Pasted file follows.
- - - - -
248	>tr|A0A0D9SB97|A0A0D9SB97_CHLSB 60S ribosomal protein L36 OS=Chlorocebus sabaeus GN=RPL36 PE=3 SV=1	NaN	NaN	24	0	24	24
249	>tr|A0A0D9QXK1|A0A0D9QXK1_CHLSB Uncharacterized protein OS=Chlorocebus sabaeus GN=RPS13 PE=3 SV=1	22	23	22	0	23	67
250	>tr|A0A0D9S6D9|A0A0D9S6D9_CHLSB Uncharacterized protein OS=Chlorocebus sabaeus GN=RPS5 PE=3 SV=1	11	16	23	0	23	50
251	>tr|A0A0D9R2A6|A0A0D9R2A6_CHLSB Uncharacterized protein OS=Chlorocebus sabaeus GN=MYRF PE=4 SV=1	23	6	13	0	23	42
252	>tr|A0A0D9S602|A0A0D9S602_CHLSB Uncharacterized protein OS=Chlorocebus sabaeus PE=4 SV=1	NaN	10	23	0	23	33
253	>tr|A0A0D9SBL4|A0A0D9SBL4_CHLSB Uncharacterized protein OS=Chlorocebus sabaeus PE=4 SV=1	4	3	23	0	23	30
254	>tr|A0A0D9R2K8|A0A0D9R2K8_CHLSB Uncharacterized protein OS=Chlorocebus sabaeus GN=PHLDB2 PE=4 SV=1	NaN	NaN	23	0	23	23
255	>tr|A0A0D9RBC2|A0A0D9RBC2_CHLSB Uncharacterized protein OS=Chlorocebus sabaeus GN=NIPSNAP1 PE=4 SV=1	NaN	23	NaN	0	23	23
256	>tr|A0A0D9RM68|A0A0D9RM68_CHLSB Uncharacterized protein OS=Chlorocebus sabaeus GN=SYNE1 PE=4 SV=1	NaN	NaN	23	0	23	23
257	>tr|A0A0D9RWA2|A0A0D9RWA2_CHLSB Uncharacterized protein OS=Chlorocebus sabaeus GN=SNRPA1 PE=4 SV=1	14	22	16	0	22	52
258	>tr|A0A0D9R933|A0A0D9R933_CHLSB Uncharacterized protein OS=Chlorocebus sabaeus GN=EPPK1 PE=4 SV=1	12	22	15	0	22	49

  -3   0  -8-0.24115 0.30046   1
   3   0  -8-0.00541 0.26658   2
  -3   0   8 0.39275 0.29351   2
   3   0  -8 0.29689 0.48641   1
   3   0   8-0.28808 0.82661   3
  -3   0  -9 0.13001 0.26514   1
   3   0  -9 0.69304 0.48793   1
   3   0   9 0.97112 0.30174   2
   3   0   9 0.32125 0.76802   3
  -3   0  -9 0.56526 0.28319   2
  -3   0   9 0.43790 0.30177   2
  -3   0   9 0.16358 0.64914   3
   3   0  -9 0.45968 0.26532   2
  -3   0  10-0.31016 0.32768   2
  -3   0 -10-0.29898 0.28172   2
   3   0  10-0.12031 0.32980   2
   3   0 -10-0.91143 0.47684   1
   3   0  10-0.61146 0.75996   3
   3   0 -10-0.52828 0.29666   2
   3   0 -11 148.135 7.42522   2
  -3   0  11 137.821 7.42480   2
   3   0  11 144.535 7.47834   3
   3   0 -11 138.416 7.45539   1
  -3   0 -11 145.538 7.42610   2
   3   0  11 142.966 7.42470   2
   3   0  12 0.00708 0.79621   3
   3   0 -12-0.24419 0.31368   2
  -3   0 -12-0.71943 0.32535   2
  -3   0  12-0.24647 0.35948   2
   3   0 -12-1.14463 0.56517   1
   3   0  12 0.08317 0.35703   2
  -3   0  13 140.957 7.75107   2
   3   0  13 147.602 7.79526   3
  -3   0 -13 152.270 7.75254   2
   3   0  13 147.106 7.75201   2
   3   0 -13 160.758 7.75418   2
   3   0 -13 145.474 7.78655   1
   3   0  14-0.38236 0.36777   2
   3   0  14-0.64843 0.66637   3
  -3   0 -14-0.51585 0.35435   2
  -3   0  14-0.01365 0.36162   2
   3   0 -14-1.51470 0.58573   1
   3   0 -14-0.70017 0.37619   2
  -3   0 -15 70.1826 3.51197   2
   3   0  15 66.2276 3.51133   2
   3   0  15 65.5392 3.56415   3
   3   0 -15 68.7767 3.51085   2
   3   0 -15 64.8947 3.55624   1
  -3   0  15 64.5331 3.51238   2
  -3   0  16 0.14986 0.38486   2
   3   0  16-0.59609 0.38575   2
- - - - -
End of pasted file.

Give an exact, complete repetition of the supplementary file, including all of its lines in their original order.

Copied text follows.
248	>tr|A0A0D9SB97|A0A0D9SB97_CHLSB 60S ribosomal protein L36 OS=Chlorocebus sabaeus GN=RPL36 PE=3 SV=1	NaN	NaN	24	0	24	24
249	>tr|A0A0D9QXK1|A0A0D9QXK1_CHLSB Uncharacterized protein OS=Chlorocebus sabaeus GN=RPS13 PE=3 SV=1	22	23	22	0	23	67
250	>tr|A0A0D9S6D9|A0A0D9S6D9_CHLSB Uncharacterized protein OS=Chlorocebus sabaeus GN=RPS5 PE=3 SV=1	11	16	23	0	23	50
251	>tr|A0A0D9R2A6|A0A0D9R2A6_CHLSB Uncharacterized protein OS=Chlorocebus sabaeus GN=MYRF PE=4 SV=1	23	6	13	0	23	42
252	>tr|A0A0D9S602|A0A0D9S602_CHLSB Uncharacterized protein OS=Chlorocebus sabaeus PE=4 SV=1	NaN	10	23	0	23	33
253	>tr|A0A0D9SBL4|A0A0D9SBL4_CHLSB Uncharacterized protein OS=Chlorocebus sabaeus PE=4 SV=1	4	3	23	0	23	30
254	>tr|A0A0D9R2K8|A0A0D9R2K8_CHLSB Uncharacterized protein OS=Chlorocebus sabaeus GN=PHLDB2 PE=4 SV=1	NaN	NaN	23	0	23	23
255	>tr|A0A0D9RBC2|A0A0D9RBC2_CHLSB Uncharacterized protein OS=Chlorocebus sabaeus GN=NIPSNAP1 PE=4 SV=1	NaN	23	NaN	0	23	23
256	>tr|A0A0D9RM68|A0A0D9RM68_CHLSB Uncharacterized protein OS=Chlorocebus sabaeus GN=SYNE1 PE=4 SV=1	NaN	NaN	23	0	23	23
257	>tr|A0A0D9RWA2|A0A0D9RWA2_CHLSB Uncharacterized protein OS=Chlorocebus sabaeus GN=SNRPA1 PE=4 SV=1	14	22	16	0	22	52
258	>tr|A0A0D9R933|A0A0D9R933_CHLSB Uncharacterized protein OS=Chlorocebus sabaeus GN=EPPK1 PE=4 SV=1	12	22	15	0	22	49

  -3   0  -8-0.24115 0.30046   1
   3   0  -8-0.00541 0.26658   2
  -3   0   8 0.39275 0.29351   2
   3   0  -8 0.29689 0.48641   1
   3   0   8-0.28808 0.82661   3
  -3   0  -9 0.13001 0.26514   1
   3   0  -9 0.69304 0.48793   1
   3   0   9 0.97112 0.30174   2
   3   0   9 0.32125 0.76802   3
  -3   0  -9 0.56526 0.28319   2
  -3   0   9 0.43790 0.30177   2
  -3   0   9 0.16358 0.64914   3
   3   0  -9 0.45968 0.26532   2
  -3   0  10-0.31016 0.32768   2
  -3   0 -10-0.29898 0.28172   2
   3   0  10-0.12031 0.32980   2
   3   0 -10-0.91143 0.47684   1
   3   0  10-0.61146 0.75996   3
   3   0 -10-0.52828 0.29666   2
   3   0 -11 148.135 7.42522   2
  -3   0  11 137.821 7.42480   2
   3   0  11 144.535 7.47834   3
   3   0 -11 138.416 7.45539   1
  -3   0 -11 145.538 7.42610   2
   3   0  11 142.966 7.42470   2
   3   0  12 0.00708 0.79621   3
   3   0 -12-0.24419 0.31368   2
  -3   0 -12-0.71943 0.32535   2
  -3   0  12-0.24647 0.35948   2
   3   0 -12-1.14463 0.56517   1
   3   0  12 0.08317 0.35703   2
  -3   0  13 140.957 7.75107   2
   3   0  13 147.602 7.79526   3
  -3   0 -13 152.270 7.75254   2
   3   0  13 147.106 7.75201   2
   3   0 -13 160.758 7.75418   2
   3   0 -13 145.474 7.78655   1
   3   0  14-0.38236 0.36777   2
   3   0  14-0.64843 0.66637   3
  -3   0 -14-0.51585 0.35435   2
  -3   0  14-0.01365 0.36162   2
   3   0 -14-1.51470 0.58573   1
   3   0 -14-0.70017 0.37619   2
  -3   0 -15 70.1826 3.51197   2
   3   0  15 66.2276 3.51133   2
   3   0  15 65.5392 3.56415   3
   3   0 -15 68.7767 3.51085   2
   3   0 -15 64.8947 3.55624   1
  -3   0  15 64.5331 3.51238   2
  -3   0  16 0.14986 0.38486   2
   3   0  16-0.59609 0.38575   2